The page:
A military sucker punch, like that of the old days of Dambe Boxing


Random Saturday evening,
Typical gridlock,
Undetermined hour,

Much is made about thanking the Creator (if you aren’t agnostic/atheist) for Fridays, but I like to think that the essence of such gratitude is defeated if you are reporting to work the following day. And no, wearing jeans to the office does nothing to change the fact that you have been robbed of yet another weekend. Many employers in these parts have a lot to learn about employee motivation and worn out body systems, but we haven’t reached the point of being paid on per-hour basis, and those bills will never stop coming for as long as your adult life lasts, so, work you must. (I would spare a thought for corporate slavery on this space, but I am on a different mission today).

So I am returning from what would count as a full Saturday at the office, attending to stuff that could have easily waited until Monday. And since I am still waiting like Adekunle Gold for God to “pick up my call”, it’s still smoky buses rather than the driver’s seat of a sleek SUV. I’m seated in one of these lovely metal things whose rickety state are more original to the city of Lagos than the faux gloss we endured in that Captain America movie, and as we try to negotiate through Lekki toll gate, we spot a bit of drama up front. It’s the classic “you tried to overtake” and “you scratched my car” argument between car owner and bus driver.

We’ve seen this before: accusation, counter accusation, flavoured with curse words, keeping in mind the Golden Rule of collisions which is to never concede…but the car owner takes this one step further! He walks to the driver’s seat of the bus and lunges with clenched fists! The punches are quick and accurate, and a close look at the assailant’s car is enough to deduce that he is affiliated with the army. There will be other days to dwell on individual temper vis-a-vis gross impunity of armed forces personnel, but the swinging of fists brings to mind an old traditional sport called Dambe.


The ancient sport called Dambe

Dambe , also known as Kokawa is a form of boxing associated with the Hausa people. The tradition is dominated by Hausa butcher caste groups, and over the last century evolved from clans of butchers travelling to farm villages at harvest time, integrating a fighting challenge by the outsiders into local harvest festival entertainment. It was also traditionally practised as a way for men to get ready for war, and many of the techniques and terminology allude to warfare.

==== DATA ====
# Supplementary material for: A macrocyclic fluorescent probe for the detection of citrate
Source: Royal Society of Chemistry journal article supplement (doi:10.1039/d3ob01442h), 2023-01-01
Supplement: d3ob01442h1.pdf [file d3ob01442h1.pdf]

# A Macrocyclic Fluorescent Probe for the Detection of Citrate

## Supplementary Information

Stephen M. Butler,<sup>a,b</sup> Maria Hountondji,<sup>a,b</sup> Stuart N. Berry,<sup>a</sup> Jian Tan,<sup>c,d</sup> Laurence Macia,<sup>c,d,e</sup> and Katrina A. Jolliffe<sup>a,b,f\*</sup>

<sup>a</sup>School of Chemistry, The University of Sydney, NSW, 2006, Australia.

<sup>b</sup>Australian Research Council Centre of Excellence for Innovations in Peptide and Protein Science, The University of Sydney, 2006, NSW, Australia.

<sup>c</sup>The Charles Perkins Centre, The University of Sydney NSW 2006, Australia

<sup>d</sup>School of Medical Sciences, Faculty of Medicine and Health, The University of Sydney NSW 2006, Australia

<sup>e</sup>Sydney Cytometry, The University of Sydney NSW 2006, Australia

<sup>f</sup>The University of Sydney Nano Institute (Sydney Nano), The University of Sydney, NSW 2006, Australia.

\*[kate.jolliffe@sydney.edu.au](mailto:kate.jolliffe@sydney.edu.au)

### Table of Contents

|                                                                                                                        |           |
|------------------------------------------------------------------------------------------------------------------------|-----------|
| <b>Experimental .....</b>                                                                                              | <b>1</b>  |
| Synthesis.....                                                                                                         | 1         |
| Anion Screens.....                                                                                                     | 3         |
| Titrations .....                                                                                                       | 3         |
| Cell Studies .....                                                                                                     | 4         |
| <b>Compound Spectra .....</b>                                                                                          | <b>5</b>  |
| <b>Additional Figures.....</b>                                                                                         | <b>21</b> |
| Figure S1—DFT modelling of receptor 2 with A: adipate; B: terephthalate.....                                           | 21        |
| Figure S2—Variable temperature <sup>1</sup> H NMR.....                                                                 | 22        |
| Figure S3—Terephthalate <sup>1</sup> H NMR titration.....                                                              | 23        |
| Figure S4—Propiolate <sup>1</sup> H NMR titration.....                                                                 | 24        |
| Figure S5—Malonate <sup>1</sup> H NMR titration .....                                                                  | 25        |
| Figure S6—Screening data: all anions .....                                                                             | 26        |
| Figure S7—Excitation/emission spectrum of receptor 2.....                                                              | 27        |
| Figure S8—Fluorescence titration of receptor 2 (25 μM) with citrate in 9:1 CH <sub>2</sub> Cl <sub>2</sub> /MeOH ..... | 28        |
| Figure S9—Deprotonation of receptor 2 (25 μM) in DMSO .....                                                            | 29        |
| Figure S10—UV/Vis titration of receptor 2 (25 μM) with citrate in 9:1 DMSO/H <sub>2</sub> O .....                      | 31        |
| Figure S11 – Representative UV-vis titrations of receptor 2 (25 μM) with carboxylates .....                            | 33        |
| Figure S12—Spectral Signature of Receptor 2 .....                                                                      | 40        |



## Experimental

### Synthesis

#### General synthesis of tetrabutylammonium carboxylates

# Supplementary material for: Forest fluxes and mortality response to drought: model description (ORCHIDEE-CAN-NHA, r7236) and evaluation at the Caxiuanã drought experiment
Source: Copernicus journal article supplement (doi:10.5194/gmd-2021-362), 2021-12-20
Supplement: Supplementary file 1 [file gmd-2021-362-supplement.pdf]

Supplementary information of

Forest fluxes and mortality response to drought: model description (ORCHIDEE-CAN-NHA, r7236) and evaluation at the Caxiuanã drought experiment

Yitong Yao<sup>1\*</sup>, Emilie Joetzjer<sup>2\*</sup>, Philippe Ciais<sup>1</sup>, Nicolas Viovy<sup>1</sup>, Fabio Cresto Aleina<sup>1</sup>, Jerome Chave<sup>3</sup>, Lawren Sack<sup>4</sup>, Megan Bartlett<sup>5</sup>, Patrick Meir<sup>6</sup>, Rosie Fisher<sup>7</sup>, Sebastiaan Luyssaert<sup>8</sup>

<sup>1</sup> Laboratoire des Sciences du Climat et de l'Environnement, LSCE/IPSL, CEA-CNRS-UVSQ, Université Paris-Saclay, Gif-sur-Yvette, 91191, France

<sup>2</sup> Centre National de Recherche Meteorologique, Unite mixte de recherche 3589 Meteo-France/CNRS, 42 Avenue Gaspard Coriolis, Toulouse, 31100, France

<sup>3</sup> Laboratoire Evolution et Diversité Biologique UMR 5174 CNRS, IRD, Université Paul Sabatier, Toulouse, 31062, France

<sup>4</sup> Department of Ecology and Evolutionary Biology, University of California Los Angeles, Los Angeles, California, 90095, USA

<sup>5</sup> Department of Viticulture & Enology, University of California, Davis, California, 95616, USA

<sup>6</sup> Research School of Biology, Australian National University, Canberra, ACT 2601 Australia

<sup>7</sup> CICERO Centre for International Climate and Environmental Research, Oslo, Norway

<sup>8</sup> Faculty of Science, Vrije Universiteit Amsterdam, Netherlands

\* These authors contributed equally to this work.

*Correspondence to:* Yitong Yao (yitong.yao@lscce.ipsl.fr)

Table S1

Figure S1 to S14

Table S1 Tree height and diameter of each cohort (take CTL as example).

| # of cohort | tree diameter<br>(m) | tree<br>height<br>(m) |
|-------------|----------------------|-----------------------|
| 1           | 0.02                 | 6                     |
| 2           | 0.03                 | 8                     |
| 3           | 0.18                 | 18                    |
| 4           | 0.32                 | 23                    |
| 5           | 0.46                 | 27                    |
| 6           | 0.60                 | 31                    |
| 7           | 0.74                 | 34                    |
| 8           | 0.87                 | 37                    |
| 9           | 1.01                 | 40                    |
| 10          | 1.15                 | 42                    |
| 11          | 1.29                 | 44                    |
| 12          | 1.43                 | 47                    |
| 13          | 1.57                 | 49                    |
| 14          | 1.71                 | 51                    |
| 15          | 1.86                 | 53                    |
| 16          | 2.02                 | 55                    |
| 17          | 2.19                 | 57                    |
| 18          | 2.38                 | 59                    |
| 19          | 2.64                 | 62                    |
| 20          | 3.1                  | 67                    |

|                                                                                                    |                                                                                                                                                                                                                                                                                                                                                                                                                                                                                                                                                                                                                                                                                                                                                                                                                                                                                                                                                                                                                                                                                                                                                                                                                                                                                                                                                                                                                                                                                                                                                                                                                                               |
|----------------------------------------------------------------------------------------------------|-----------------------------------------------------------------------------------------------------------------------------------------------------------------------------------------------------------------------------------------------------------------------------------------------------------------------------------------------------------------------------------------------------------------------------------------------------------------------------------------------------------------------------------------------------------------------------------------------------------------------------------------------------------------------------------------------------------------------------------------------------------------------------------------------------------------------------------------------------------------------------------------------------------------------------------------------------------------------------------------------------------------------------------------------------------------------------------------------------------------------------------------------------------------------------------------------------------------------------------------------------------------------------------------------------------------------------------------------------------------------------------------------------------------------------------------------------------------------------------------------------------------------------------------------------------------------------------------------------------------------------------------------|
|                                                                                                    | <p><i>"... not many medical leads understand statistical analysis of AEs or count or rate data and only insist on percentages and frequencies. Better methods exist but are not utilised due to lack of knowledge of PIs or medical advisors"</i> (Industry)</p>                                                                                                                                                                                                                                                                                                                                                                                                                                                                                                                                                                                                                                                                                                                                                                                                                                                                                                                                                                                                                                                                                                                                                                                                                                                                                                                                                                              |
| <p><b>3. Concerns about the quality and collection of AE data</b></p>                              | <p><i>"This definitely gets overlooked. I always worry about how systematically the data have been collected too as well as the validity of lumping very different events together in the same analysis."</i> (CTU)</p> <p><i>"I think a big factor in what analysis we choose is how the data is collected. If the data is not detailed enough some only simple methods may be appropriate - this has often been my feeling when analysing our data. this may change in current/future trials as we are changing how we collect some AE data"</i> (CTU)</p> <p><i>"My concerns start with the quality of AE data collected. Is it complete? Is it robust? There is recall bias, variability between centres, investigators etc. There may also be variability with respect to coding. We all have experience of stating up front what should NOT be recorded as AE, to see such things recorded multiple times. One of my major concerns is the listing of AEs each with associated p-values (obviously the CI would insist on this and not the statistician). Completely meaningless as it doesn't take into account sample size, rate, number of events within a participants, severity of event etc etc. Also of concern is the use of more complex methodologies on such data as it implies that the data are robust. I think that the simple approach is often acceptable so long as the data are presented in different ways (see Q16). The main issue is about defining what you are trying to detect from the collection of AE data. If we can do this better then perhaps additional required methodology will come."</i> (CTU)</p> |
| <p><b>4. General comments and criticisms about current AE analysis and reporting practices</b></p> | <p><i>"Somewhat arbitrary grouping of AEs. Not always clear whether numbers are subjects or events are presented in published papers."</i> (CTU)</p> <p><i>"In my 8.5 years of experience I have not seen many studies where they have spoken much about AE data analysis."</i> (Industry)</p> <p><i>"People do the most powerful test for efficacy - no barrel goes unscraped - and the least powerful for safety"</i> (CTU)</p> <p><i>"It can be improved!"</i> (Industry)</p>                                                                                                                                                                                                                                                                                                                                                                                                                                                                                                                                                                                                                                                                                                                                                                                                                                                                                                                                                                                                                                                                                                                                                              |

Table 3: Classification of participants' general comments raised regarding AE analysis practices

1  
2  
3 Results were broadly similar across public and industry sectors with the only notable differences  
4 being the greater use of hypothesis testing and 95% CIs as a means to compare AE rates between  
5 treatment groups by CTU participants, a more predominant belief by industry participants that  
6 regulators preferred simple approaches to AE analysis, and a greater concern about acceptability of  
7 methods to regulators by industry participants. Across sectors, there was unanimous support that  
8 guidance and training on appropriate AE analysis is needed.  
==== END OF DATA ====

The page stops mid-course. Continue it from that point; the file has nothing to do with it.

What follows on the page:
Today, companies of boxers travel, performing outdoor matches accompanied by ceremony and drumming, throughout the traditional Hausa homelands of northern Nigeria , southern Niger and southwestern Chad. The name “Dambe” derives from the Hausa word for “box”, and though there are no formal weight classes, usually competitors in Dambe matches are fairly matched in size.

The primary weapon is the strong-side fist. The strong-side fist, known as the spear, is wrapped in a piece of cloth covered by tightly knotted cord. Some boxers dip their spear in sticky resin mixed with bits of broken glass. This, however, became an illegal practice. The lead hand, called the shield, is held with the open palm facing toward the opponent. The lead hand can be used to grab or hold as required.

Autan Sikido, 27, originally from Kaduna State, prepares to strike during a match.

The lead leg is often wrapped in a chain, and the chain-wrapped leg is then used for both offense and defense. The unwrapped back leg can also be used to kick. Because wrestling used to be allowed, and the goal of the game is to cause the opponent to fall down, kicks are more common than they used to be.

In traditional bouts, amulets are often used as forms of supernatural protection. Amulets are seen in modern urban bouts, too, but officials generally discourage the use of magical protection on the grounds of fairness. It is still common that amulets are placed in the feather filled pillows which fighters place in their wrapped fists, and fighters often scar their striking arm, rubbing salves and resins into the healing wounds which are meant to provide strength or defence.


The soldier’s jabs remind me of the “spear”, only this time it appears that the bus driver knows absolutely nothing about the shield, or even about the sport. In any case, this is by no means a sporting atmosphere, the only thing at stake is right of way (plus a few ego points), and for the individual at the wrong end, the price is a bloodied nose, with a cut just above the left eye. I know, I should have taken a few shots of the incident, and probably tweeted about it, yea, all that viral stuff, but on that day, I was all about the punches and steering well clear of them.

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